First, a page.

According to the Commission, the fact that shell entities continue to pose a risk of being used for improper tax purposes, such as tax evasion and avoidance, was also confirmed by recent media revelations (the OpenLux investigation and, more recently, the Pandora Papers).
The draft Directive
While the draft Directive is consistent and interlinked with other EU initiatives, including the proposals for minimum tax rules, there are key differences between the draft Directive and the draft Pillar 2 Directive in terms of objectives and scope, as also highlighted in the explanations to the draft Directive. The Pillar 2 Directive essentially seeks to establish a minimum level of taxation for large multinational enterprises. The purpose of this Directive is to address tax avoidance in the area of direct taxation conducted through the use of low-substance entities. In short, the draft Directive therefore establishes a minimum level of substance and does not contain measures linked to a minimum level of taxation. Another key difference between the draft Directives is that this draft Directive applies to all corporate tax residents of Member States without any materiality threshold.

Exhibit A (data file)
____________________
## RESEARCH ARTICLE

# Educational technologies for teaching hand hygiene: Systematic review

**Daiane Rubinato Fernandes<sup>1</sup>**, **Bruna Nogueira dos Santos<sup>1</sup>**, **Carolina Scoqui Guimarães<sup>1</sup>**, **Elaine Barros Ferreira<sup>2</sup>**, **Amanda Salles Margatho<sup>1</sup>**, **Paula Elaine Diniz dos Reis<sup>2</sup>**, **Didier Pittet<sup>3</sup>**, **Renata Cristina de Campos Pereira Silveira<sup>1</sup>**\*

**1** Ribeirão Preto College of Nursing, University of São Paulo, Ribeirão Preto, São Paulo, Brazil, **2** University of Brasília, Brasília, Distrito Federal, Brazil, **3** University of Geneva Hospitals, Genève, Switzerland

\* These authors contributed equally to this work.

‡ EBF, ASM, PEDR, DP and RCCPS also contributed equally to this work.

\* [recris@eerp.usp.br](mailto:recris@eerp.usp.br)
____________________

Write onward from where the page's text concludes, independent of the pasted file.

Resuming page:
With the draft Directive the Commission proposes a seven-step approach which is summarized below. This step plan should be followed for each entity which is resident for corporate income tax purpose in a Member State.
For each undertaking it is assessed whether the entity is at risk of falling in scope of the aim of the draft Directive. An undertaking is an entity engaged in an economic activity, regardless of its legal form, that is a tax resident in a Member States (hereafter referred to as “entity”). The Commission proposes that the tax authorities in the Member State in which the entity is resident shall make an assessment of the information provided by the entity.
Step 1: Gateway
The first step entails three cumulative “gateway” criteria. An entity passes the gateway if it:
Engages in cross-border activities
Which are geographically mobile
Has (partly) outsourced its own administration
Step 1 includes several carve-outs and exceptions, for example for listed entities, specific regulated financial entities, certain holding entities of operational businesses in the same Member State and entities with at least five own full-time equivalent employees exclusively carrying out the activities generating the relevant income.
If no exception applies and the gateway criteria are met, an entity is considered to be at risk for purposes of the draft Directive and a reporting obligation arises.
Step 2: reporting
An entity considered at risk under Step 1 has to report on its substance in its tax return. In short, the entity is obliged to confirm whether the following cumulative criteria are met and to provide documentation in support of its position: